I blocked the sleeves quite hard to widen them because I didn’t want them too clingy and skinny-ribbed. The predictable result is that they have shortened a bit and are now bracelet length rather than the wrist length I prefer. I shall have to unpick the laboriously worked tubular cast-offs and then wash and block just the new cuffs. I’m putting off the task, but I know I must knuckle down and do it or I never will.




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Flaum is finished!

I finished the tubular cast-off around the hem and cuffs of this cardigan (Flaum) yesterday.

Flaum cardigan

Before washing or blocking

I’ve never done a tubular cast-off before, and the instructions in the pattern seemed complicated. Not only that, they didn’t make sense because the two set-up rounds were supposedly the same for the worked-flat hem as for the in-the-round sleeves, and clearly that wasn’t going to work. So I looked online, as you do, and found not only that I was right about the set-up, but there’s a much easier way to work the sewn part of the cast-off. As is so often the case, Ysolda Teague explains it clearly.

A tubular cast-off is an exact match for a tubular cast-on, and both are perfectly integrated into the 1×1 or 2×2 ribbing that they start or end. Ysolda points out that the two set-up rows or rounds create stocking stitch, and this is apparent once the stitches are divided between two needles (knit stitches on the front needle, purl stitches on the back one). If the two needles are held slightly apart, the fabric between them does indeed look like reverse stocking stitch. Anyone who has knitted a top-down sock with a grafted toe (me! me!) will immediately feel that they are in familiar territory at this point, because all that is required to finish the job is a Kitchener graft to join the stitches to each other. (I’ve posted on this technique before, with a verse that makes it easy to remember the process.)

The only issue with working a Kitchener graft with over a hundred stitches on each knitting needle is that you need a very long length of yarn threaded through your darning needle, and it takes a lot of time to start with to pull the yarn through each pair of stitches and stop it tangling. But at least it gets quicker and easier as the yarn tail reduces.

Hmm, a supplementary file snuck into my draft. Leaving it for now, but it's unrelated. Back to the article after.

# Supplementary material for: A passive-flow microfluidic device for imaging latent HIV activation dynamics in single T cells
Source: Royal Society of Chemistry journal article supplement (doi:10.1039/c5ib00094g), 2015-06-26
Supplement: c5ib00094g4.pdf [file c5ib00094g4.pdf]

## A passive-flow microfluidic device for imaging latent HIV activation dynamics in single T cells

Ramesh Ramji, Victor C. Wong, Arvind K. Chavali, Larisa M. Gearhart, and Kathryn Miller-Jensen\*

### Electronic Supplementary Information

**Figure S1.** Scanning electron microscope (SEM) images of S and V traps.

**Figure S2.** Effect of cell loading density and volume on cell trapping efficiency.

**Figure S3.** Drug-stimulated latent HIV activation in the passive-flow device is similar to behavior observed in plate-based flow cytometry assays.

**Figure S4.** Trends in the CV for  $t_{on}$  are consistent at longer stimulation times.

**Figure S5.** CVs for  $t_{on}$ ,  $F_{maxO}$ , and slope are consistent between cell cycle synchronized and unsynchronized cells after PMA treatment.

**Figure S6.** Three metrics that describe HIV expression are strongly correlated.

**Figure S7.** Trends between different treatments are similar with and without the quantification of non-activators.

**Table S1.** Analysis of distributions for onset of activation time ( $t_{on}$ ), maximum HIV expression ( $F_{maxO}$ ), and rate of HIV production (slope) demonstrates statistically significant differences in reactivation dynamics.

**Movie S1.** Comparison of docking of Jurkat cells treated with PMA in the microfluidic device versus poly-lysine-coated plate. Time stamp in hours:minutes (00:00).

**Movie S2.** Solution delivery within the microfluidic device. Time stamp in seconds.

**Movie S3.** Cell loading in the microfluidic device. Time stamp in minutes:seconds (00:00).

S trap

Flaum cuff

Flaum cuff detail

Since discovering the tubular cast-on I’ve used it a lot because it looks great and produces an edge that stretches as much as the ribbing. After this, my first experience with its matching cast-off, I can see that I’ll be using it just as much when knitting anything that ends with ribbing.

The finished edges look impressively neat.

In the end I didn’t need to use contrast yarn for the tips of the cuffs and hem. I ended up with 20g of my 508g cone of blue Shetland yarn left, and I used 12g of contrast colour for the pocket linings. Today my Flaum has been blocking in the sunshine – the first al fresco blocking of 2019 – and it’ll be interesting to see when it’s dry how much its starting weight of 500g has dropped.

Flaum blockingIt took two gentle hand washes to get rid of the lanolin, and I know from knitting this and similar spun-in-the-grease Shetlands in the past that it will be much fluffier and loftier after its wash. The colour has certainly brightened.

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A rotating TV stand

Cat on a cushionWhile one member of the family has been enjoying the new window seat cushions, I’ve been doing some woodwork. Our 11-year-old television went phut recently, and wasn’t worth fixing. I’m pretty sure that the problem was a failure of the LED backlight, and replacing it wouldn’t have been worthwhile because it’s an expensive repair and something else is sure to go wrong soon with a TV of that age. We’ve bought a new one with the same screen size as its predecessor. As is often the way with electronic goods, it cost half as much, weighs half as much and has way more features.

Once I’d got the hang of the new television’s many “smart” capabilities, the only thing I found annoying was its stand. Whereas the old model had a central pedestal, the new one basically has a foot at each corner. Which is fine, until we want to turn it to face a different part of the room, because it can only be turned a short way in either direction without the feet at diagonally opposite corners falling off the edge of the hi-fi unit it sits on.

I put up with this for a week or two before deciding something had to be done. I found a cheap plastic turntable on Amazon that’s meant for putting under large pot plants. And in the garage was an offcut of melamine-faced chipboard (MFC) that was a little damp, but didn’t look too bad once I’d brought it indoors and dried it out.

I used a jigsaw to cut a lozenge-shaped piece of MFC that was wide enough in the centre to accommodate the turntable and tapered down to ends just wider than the spacing of the TV’s feet, with rounded corners to avoid taking a lump out of the wall if I turn it too far. Then I used a router to cut out a recess on the underside for the turntable. I find routers a bit scary, but I just took it slowly, working in ever-diminishing rings until I reached the minimum radius of the circle-cutting jig.

Then I went freehand with the router to remove more material. I cut down to about half the thickness of the plastic turntable.